Oil palm plantations currently cover more than 27 million hectares of the Earth’s surface. Forests and human settlements have been destroyed and replaced by “green deserts” containing virtually no biodiversity on an area the size of New Zealand.

The impact – suffering and death in producer countries, climate havoc

The warm, humid climate of the tropics offers perfect growth conditions for oil palms. Day after day, huge tracts of rainforest in Southeast Asia, Latin America and Africa are being bulldozed or torched to make room for more plantations, releasing vast amounts of carbon into the atmosphere. As a consequence, Indonesia – the world’s largest producer of palm oil – temporarily surpassed the United States in terms of greenhouse gas emissions in 2015. With their CO2 and methane emissions, palm oil-based biofuels actually have three times the climate impact of traditional fossil fuels.

Palm oil is not only bad for the climate: As their forest habitat is cleared, endangered species such as the orangutan, Borneo elephant and Sumatran tiger are being pushed closer to extinction. Smallholders and indigenous people who have inhabited and protected the forest for generations are often brutally driven from their land. In Indonesia, more than 700 land conflicts are related to the palm oil industry. Human rights violations are everyday occurrences, even on supposedly “sustainable” and “organic” plantations.

As consumers, we are largely unaware of these broader issues, yet our daily palm oil consumption also impacts our health: refined palm oil contains large amounts of harmful fatty acid esters that are known to damage DNA and cause cancer.

The solution – a revolution on our dinner tables and in our fuel tanks

Only 70,000 orangutans still roam the forests of Southeast Asia, yet the EU’s biofuels policy is pushing them to the brink of extinction. Every new plantation on Borneo is destroying a further piece of their habitat. Stepping up the pressure on policymakers is a must if we want to save our tree-dwelling kin. Apart from that, however, there is still a lot we can do in day-to-day life.

Follow these simple tips to recognize, avoid and combat palm oil:

  1. Enjoy a home-cooked meal: Use your imagination: why not try almond-coconut-pear biscuits? Or pizza with potato and rosemary? A meal cooked from fresh ingredients beats processed foods containing palm oil every time. Oils such as sunflower, olive, rapeseed or flaxseed are ideal for cooking and baking.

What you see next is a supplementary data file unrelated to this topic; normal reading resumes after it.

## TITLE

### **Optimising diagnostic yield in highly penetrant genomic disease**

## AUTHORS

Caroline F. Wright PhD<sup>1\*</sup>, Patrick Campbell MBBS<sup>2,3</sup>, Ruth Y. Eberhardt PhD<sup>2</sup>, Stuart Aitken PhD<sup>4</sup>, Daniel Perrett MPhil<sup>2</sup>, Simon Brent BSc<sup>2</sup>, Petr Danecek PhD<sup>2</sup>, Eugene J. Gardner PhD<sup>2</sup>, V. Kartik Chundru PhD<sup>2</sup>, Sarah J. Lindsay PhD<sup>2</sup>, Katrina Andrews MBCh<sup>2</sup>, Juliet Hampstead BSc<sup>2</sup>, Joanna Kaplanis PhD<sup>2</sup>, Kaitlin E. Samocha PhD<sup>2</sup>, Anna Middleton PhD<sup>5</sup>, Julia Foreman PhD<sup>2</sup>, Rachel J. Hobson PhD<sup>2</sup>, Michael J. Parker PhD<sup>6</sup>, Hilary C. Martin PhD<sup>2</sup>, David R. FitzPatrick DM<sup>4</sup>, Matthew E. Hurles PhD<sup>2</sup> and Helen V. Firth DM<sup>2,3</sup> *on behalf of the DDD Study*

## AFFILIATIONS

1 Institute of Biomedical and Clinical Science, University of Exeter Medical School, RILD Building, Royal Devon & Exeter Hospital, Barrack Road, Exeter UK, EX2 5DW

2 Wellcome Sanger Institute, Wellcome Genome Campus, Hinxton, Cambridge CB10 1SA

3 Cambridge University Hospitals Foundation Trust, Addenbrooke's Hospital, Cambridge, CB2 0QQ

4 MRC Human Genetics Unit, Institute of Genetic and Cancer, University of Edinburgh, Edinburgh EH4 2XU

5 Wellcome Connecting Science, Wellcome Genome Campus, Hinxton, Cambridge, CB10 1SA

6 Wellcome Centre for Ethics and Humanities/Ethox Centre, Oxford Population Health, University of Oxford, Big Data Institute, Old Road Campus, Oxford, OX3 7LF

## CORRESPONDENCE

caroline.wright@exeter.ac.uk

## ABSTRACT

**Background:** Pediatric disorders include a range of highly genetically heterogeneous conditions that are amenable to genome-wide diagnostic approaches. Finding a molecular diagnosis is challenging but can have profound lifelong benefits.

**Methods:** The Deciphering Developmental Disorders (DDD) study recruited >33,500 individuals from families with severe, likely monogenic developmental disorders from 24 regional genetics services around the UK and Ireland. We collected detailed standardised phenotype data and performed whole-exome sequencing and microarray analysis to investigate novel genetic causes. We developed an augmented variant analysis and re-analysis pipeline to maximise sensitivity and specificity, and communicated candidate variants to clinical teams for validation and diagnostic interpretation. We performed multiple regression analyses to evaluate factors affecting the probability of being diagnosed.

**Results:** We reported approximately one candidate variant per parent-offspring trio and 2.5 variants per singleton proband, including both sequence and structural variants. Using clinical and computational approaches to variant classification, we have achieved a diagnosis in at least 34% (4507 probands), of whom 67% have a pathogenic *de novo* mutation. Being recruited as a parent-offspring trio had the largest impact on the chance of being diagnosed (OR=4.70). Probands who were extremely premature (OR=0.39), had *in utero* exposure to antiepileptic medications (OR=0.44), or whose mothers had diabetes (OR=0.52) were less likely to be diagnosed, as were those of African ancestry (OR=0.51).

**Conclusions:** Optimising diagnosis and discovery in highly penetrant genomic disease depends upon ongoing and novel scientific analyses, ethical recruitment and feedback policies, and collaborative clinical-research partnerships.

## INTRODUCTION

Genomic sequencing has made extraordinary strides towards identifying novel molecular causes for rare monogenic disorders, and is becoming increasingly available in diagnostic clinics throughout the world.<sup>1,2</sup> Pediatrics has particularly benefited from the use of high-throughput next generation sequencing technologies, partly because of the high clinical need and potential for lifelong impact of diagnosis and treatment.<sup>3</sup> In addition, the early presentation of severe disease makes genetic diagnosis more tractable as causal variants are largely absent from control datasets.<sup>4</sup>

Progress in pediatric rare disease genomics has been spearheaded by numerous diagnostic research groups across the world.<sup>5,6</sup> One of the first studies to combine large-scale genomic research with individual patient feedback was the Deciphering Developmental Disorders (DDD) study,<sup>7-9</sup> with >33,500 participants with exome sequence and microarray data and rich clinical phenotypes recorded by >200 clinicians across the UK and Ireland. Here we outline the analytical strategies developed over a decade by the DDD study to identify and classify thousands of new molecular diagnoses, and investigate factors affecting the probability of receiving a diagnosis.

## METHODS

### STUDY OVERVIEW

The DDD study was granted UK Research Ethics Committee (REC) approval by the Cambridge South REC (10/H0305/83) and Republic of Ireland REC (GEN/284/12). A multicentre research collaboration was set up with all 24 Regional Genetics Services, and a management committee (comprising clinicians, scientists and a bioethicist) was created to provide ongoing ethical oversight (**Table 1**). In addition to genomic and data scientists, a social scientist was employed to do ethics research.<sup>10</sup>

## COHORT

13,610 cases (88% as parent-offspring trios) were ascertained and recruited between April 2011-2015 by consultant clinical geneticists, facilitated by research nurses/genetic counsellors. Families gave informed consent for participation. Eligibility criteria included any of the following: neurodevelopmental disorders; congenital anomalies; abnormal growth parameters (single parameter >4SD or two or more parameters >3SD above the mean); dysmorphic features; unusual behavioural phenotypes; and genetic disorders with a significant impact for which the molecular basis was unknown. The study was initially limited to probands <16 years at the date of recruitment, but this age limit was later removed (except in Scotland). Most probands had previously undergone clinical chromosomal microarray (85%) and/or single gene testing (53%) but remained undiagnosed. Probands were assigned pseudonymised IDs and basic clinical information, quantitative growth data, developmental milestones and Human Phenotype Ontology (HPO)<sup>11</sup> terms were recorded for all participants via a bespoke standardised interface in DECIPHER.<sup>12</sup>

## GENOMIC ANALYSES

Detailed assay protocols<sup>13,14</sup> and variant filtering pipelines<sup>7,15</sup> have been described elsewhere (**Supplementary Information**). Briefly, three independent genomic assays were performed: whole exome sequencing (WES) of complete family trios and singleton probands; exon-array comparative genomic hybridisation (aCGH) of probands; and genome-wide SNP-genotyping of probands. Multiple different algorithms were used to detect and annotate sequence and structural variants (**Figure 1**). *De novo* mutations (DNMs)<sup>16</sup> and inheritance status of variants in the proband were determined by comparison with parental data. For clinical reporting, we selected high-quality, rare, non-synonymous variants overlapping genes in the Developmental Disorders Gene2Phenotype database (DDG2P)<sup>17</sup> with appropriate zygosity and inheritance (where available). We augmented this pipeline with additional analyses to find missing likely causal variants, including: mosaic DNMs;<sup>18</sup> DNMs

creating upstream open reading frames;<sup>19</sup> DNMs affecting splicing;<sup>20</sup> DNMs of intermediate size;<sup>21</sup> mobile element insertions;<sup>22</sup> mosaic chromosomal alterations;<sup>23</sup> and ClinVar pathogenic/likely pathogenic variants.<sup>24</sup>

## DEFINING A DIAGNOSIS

2. Read labels: As of December 2014, labeling regulations in the EU require food products to clearly indicate that they contain palm oil. However, in the case of non-food items such as cosmetics and cleaning products, a wide range of chemical names may still be used to hide the use of palm oil. A quick check of your favorite search engine will turn up palm oil-free alternatives, however.
  3. Remember that the customer is king: Ask your retailers for palm oil-free products. Write product manufacturers and ask them why they aren’t using domestic oils. Companies can be quite sensitive to issues that give their products a bad name, so inquiring with sales staff and contacting manufacturers can make a real difference. Public pressure and increased awareness of the problem have already prompted some producers to stop using palm oil.
  4. Sign petitions and write your elected representatives: Online campaigns put pressure on policymakers responsible for biofuels and palm oil imports. Have you already signed all of Rainforest Rescue’s petitions?
  5. Speak out: Protest marches and creative action on the street raise public and media awareness of the issue, which in turn steps up the pressure on policymakers.
  6. Leave your car at home: Whenever you can, walk, ride a bicycle or use public transport.
  7. Be informed and inform others: Big Business and governments would like us to believe that biofuels are good for the climate and that oil palm plantations are sustainable. Spread the word – share this information with your family and friends and encourage them to rethink their consumption habits. It’s in our hands!